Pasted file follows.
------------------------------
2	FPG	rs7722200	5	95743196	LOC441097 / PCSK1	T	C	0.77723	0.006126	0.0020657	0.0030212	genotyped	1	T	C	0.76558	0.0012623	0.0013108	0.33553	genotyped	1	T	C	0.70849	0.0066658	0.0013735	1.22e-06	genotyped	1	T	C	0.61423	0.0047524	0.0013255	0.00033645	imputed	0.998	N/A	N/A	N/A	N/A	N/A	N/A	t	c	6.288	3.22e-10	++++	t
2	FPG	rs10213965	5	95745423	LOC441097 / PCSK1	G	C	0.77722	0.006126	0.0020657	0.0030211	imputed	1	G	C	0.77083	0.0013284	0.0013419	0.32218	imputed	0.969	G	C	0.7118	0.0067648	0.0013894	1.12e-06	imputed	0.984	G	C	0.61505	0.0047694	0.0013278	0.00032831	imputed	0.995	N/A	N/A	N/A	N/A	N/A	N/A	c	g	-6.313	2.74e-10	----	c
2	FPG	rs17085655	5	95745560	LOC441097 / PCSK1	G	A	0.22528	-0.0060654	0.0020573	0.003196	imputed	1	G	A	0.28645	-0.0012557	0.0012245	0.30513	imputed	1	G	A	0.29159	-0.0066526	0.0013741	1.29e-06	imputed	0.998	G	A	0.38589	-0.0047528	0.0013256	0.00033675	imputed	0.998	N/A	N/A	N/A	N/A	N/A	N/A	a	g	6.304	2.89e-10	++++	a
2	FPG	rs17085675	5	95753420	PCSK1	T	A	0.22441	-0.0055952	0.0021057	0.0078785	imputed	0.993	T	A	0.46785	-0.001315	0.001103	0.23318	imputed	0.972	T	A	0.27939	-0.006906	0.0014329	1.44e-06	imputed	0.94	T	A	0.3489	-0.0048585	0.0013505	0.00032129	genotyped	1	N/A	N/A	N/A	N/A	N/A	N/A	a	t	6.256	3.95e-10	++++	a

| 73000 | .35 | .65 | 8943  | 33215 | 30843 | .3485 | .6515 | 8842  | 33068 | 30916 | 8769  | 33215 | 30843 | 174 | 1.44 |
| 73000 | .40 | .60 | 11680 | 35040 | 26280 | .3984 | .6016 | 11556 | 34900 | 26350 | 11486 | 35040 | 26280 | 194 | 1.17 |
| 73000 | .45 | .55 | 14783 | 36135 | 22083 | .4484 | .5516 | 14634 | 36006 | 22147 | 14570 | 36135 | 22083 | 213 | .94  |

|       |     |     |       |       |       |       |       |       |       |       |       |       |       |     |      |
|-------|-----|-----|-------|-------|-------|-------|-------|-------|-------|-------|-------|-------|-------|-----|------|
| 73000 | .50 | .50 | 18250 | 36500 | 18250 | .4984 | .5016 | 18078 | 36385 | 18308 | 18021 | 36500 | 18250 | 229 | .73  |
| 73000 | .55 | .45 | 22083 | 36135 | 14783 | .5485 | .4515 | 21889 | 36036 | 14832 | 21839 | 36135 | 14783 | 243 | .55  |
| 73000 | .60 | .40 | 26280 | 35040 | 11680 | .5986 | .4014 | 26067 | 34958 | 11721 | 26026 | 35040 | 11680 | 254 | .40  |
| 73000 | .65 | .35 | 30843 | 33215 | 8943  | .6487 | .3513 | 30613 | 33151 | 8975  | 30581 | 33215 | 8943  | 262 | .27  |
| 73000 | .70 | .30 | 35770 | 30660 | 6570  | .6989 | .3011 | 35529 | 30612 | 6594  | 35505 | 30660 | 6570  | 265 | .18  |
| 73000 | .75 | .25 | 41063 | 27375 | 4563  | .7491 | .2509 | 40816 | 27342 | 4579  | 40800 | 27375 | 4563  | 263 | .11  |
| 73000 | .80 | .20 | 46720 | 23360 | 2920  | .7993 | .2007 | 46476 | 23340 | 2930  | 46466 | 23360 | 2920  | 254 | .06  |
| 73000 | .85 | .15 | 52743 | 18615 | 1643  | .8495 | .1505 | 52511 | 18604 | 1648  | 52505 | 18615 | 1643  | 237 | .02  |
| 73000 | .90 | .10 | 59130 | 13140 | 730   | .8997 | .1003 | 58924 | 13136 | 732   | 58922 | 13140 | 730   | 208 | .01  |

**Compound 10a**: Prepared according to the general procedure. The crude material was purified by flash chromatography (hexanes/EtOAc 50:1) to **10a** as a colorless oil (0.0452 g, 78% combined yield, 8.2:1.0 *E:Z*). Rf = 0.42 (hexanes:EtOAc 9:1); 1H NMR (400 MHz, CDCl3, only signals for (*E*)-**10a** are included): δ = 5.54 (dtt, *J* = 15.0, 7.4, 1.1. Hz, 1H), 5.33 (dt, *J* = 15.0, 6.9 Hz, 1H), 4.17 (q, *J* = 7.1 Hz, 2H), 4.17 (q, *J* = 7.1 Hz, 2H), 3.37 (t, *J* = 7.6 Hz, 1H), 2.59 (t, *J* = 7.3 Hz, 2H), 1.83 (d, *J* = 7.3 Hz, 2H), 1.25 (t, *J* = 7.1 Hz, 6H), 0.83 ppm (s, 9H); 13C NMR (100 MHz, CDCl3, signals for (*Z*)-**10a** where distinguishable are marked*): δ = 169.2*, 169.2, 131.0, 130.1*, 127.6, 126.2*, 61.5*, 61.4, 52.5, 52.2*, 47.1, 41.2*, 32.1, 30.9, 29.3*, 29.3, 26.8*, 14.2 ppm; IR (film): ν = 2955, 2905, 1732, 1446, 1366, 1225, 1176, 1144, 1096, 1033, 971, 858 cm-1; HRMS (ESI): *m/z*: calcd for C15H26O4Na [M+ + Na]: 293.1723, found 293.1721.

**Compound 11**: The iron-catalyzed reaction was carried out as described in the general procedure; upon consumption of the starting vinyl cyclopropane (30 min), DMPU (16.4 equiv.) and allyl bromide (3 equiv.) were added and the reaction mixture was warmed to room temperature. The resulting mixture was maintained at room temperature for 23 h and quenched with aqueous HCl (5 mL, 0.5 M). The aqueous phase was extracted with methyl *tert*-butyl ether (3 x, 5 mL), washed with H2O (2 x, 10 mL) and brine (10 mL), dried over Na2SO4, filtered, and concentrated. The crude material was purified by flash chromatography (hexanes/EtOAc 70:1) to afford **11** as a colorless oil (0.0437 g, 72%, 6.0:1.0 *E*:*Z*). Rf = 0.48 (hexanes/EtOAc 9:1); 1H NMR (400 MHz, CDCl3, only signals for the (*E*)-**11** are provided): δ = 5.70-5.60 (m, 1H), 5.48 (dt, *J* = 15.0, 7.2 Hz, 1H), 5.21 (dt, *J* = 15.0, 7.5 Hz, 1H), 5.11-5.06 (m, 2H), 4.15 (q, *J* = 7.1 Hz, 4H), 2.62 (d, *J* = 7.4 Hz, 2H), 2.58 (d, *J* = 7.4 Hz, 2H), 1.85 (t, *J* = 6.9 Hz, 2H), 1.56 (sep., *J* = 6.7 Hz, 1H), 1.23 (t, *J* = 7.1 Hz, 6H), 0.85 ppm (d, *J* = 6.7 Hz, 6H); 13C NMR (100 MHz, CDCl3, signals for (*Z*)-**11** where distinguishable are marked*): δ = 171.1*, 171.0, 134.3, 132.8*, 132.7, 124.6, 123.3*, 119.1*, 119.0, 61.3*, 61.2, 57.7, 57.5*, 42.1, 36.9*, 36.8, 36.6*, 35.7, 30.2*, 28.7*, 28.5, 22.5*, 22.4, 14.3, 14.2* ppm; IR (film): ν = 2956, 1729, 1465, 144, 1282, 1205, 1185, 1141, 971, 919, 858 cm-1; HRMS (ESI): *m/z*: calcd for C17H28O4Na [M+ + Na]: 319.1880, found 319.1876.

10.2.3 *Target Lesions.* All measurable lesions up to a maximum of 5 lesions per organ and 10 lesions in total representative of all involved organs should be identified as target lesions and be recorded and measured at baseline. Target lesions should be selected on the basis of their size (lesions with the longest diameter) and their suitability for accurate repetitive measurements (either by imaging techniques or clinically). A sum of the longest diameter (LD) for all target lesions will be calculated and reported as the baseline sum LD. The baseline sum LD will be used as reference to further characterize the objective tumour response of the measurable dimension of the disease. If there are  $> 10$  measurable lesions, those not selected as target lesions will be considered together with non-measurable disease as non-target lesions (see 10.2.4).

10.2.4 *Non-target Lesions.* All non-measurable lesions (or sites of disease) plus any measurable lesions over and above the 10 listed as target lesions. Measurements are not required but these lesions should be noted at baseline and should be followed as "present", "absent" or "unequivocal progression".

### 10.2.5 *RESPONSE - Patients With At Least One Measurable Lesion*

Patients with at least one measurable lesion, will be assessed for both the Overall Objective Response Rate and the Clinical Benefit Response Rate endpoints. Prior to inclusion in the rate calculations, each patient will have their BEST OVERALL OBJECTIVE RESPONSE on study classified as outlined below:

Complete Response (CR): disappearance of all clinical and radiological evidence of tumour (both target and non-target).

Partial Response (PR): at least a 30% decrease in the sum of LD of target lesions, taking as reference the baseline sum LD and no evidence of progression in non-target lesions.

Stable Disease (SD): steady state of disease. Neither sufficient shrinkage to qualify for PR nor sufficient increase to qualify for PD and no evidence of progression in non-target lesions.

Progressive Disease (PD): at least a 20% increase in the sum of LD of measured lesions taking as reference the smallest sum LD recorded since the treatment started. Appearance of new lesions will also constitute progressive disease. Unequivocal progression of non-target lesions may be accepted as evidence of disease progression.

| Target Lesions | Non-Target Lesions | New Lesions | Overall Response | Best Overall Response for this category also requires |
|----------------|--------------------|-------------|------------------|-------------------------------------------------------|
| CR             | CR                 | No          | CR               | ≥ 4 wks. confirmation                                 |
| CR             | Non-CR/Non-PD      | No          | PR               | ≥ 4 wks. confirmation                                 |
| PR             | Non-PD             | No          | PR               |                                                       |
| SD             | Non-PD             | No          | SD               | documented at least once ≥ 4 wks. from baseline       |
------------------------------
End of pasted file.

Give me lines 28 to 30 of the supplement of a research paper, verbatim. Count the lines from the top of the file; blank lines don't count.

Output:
Progressive Disease (PD): at least a 20% increase in the sum of LD of measured lesions taking as reference the smallest sum LD recorded since the treatment started. Appearance of new lesions will also constitute progressive disease. Unequivocal progression of non-target lesions may be accepted as evidence of disease progression.

| Target Lesions | Non-Target Lesions | New Lesions | Overall Response | Best Overall Response for this category also requires |
|----------------|--------------------|-------------|------------------|-------------------------------------------------------|